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A Quitclaim Deed is a type of deed used to transfer property. It conveys to the new owner the same title the old owner had. However, this can be risky because the old owner might not have any title to the land.
If that is the case, the new owner would not have any title.
The purpose of a quitclaim deed is to speed up the transfer process. It quickly transfers property titles without requiring much paperwork or costly fees.
If you transfer property with a quitclaim deed, abide by the laws in your jurisdiction.
What Is a Quitclaim Deed?
A quitclaim deed is a document buyers and sellers use to transfer a property’s title.
With this type of deed, the owner (called the grantor) gives no guarantees regarding the property to the buyer (called the grantee).
The buyer receives only the title the seller had. Any other competing titles still exist, as do the interests of joint owners.
Why Do You Need a Quitclaim Deed?
Warranty deeds, which protect the buyer’s title, can be costly and take longer.
On the other hand, quitclaim deeds provide only the same title the grantor had. For example, if the seller owns 50% of the property, so does the new buyer.
If the seller did not have the title to the property, then the buyer (even though they paid for the property) has no claim.
Why are quitclaim deeds used, then?
A quitclaim deed cleanly and quickly transfers the title from the owner to the buyer, saving time and money.
When Do You Use a Quitclaim Deed?
While quitclaim deeds carry a higher risk than warranty deeds, they have benefits in specific scenarios.
A quitclaim deed can be helpful in the following situations:
- Transfer between family members: A quitclaim deed is common in property transfer. You can quickly transfer ownership to relatives or a new spouse. Because the transfer is between family members or spouses, the grantee would likely have trust and necessary information regarding the title because they are getting it from their family.
- Divorce proceedings: A quitclaim deed is helpful to take someone’s name off property during a divorce quickly. This can make a difficult situation more manageable.
- Skipping probate: A quitclaim deed helps transfer ownership to a beneficiary instead of having the property go through probate after death.
- Rectifying a title defect: You can quickly correct mistakes in the title with a quitclaim deed. This will avoid the costly fees that would otherwise be required to correct the defect.
What to Include in a Quitclaim Deed
Every jurisdiction has its requirements for quitclaim deeds, but these are the most common elements:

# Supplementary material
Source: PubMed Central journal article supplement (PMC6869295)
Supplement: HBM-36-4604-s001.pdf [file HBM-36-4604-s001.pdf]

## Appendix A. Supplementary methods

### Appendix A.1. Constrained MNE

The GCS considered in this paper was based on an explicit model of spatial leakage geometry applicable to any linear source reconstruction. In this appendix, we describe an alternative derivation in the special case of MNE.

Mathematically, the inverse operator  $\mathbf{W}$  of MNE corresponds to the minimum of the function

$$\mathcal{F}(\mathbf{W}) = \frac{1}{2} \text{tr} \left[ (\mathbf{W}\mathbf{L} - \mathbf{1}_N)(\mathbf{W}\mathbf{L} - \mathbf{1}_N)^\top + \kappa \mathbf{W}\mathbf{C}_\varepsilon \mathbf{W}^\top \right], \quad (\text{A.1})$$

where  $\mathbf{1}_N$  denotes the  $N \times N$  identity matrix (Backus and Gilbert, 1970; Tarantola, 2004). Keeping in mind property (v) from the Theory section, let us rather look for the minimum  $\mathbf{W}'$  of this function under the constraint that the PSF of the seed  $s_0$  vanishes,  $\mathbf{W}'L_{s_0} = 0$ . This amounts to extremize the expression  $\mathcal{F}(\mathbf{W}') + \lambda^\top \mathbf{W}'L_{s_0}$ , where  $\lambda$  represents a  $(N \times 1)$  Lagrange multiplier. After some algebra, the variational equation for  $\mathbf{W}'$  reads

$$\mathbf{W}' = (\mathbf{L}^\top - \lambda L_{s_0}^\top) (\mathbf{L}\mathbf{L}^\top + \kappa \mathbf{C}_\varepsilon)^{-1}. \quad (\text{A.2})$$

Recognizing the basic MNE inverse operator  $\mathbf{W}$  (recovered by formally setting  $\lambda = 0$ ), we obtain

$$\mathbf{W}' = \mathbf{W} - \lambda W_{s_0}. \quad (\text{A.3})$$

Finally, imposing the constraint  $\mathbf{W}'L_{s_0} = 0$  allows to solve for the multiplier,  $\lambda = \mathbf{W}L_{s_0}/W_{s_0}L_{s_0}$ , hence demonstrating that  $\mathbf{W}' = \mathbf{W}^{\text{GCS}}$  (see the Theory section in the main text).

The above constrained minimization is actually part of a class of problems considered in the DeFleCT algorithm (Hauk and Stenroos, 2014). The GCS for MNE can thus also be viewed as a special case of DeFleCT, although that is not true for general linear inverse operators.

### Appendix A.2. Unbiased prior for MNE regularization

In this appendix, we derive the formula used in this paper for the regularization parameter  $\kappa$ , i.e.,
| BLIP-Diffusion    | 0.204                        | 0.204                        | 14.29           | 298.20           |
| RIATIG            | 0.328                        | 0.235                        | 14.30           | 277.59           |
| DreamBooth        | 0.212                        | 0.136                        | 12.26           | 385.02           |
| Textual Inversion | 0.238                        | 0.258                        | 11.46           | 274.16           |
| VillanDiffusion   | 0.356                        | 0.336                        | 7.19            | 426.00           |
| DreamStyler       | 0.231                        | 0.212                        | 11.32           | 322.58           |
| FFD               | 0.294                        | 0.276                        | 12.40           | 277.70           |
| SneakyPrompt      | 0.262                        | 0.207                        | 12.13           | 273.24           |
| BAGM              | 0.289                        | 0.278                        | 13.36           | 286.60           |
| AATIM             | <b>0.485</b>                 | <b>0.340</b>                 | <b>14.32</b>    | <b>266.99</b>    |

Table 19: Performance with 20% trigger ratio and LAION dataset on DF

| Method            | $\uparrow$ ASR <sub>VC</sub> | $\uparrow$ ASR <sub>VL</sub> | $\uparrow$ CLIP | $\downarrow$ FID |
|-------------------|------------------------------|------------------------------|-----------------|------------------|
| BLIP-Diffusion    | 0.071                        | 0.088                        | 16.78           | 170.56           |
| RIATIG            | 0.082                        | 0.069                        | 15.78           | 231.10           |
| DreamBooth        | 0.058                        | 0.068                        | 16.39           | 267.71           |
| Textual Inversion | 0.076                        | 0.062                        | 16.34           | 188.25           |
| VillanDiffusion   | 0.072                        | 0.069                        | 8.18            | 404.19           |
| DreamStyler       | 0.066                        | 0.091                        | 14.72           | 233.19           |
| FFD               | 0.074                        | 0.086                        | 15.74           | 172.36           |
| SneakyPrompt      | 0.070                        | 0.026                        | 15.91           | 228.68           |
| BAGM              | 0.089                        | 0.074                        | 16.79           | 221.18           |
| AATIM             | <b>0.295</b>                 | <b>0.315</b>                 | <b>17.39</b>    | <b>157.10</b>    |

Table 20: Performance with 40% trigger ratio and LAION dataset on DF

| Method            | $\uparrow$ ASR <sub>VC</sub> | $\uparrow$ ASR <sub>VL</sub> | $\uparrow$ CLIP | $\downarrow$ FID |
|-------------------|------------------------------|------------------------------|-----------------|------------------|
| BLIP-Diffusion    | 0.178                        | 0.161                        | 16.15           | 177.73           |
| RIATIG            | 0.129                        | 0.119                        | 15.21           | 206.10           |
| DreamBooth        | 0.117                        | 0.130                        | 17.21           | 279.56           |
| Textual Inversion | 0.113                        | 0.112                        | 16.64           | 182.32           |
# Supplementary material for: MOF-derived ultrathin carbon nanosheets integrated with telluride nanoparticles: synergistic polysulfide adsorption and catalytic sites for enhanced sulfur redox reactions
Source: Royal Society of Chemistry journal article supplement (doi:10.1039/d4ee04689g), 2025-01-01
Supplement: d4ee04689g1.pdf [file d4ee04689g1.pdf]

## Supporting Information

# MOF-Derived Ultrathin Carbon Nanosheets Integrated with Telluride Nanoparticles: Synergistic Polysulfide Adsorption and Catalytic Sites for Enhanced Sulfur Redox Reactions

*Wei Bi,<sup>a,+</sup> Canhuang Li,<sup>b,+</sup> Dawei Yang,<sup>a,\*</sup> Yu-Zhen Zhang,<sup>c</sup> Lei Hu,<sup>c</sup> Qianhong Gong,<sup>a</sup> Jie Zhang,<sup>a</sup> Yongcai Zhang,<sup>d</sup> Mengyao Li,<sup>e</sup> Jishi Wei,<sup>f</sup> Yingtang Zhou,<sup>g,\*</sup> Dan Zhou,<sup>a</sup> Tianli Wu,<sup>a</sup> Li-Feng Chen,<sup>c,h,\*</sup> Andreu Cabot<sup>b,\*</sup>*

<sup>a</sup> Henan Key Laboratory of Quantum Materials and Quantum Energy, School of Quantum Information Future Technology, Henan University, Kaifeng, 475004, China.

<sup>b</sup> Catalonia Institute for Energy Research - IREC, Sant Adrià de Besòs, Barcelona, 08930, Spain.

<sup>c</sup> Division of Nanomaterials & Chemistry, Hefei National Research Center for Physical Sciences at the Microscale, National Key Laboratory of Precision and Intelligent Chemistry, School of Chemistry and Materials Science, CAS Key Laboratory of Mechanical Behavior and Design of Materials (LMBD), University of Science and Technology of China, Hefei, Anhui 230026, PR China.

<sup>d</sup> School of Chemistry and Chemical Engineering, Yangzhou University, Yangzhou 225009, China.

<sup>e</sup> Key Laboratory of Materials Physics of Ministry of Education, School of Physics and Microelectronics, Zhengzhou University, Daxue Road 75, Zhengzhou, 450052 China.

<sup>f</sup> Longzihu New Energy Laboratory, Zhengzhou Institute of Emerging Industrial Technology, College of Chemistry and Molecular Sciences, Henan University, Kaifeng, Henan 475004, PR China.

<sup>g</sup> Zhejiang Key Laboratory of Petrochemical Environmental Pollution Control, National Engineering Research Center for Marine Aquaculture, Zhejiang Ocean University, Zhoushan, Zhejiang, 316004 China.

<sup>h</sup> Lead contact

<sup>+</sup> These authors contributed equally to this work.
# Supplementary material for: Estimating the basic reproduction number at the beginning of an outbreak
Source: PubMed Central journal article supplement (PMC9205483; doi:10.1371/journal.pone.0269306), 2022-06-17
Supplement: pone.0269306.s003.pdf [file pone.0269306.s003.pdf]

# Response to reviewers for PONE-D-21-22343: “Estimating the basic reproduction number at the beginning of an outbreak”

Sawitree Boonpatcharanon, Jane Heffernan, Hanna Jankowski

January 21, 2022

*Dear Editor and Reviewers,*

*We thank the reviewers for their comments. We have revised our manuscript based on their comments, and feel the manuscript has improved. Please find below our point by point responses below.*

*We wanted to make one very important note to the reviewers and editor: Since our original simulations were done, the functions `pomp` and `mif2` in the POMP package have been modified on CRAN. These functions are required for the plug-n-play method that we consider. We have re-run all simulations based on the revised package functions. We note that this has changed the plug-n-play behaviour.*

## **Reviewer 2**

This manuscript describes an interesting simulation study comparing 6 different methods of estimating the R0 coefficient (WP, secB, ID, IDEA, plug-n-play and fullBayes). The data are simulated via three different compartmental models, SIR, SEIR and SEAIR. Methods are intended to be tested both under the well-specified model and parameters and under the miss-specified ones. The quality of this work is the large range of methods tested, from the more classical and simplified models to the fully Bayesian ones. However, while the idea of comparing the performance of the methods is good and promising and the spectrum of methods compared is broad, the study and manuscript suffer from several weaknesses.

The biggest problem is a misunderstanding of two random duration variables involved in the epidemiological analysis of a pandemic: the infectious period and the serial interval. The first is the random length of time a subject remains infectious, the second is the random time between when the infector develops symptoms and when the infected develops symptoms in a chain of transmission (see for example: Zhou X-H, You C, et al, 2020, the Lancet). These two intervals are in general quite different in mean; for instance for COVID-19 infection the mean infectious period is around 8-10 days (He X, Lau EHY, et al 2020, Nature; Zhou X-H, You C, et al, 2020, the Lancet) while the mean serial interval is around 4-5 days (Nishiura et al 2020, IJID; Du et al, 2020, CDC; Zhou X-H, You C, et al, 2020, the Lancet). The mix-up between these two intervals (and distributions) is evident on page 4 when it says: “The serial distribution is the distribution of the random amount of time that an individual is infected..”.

- Name of the seller/grantor
- Name of the buyer/grantee
- The legal description of the property (like metes and bounds or lot and block)
- Consideration, or selling price of the property
- Signature of the grantor (usually, the grantor’s signature must be notarized)
- Date of the quitclaim deed
The term “quitclaim deed” must also be on the document. You can use a free quitclaim deed template to create your own or use our document builder to customize your deed.
How to Write a Quitclaim Deed
Follow the steps below to write a quitclaim deed.
Step 1 – Include Grantor Information
Write the name and mailing address of the person or entity who owns the property and will transfer ownership.
Step 2 – Write Grantee Details
Enter the name and mailing address of the person or entity who will be the new property owner.
Step 3 – Note Consideration
Fill in the amount the grantee is paying for the property.
Step 4 – Document Location
Write the city and county the property is in.
Step 5 – Enter Legal Description
Describe the property in legal terms, words uniquely identifying a piece of real estate (typically noted on a prior deed).
Step 6 – Fill in the Parcel Number
Tax assessors assign a parcel number to a piece of property (usually listed on a property tax statement).
Step 7 – Write Preparer Details
Enter the name and mailing address of the person preparing this document.
Step 8 – Collect Grantor and Grantee Signatures
The grantor and grantee must have signatures and the date of signing on the quitclaim deed (some states do not require the grantee to sign).
Step 9 – Gather Witness Signatures
Depending on the laws of your state, you may need to have up to two witnesses sign the deed.
Step 10 – Get Deed Notarized
Check with your state to see if you need a notary public to verify signatures on the deed.
In addition to these basic steps to writing a quitclaim deed, you may want to include information about the following:
- Life Estate
- Mineral Rights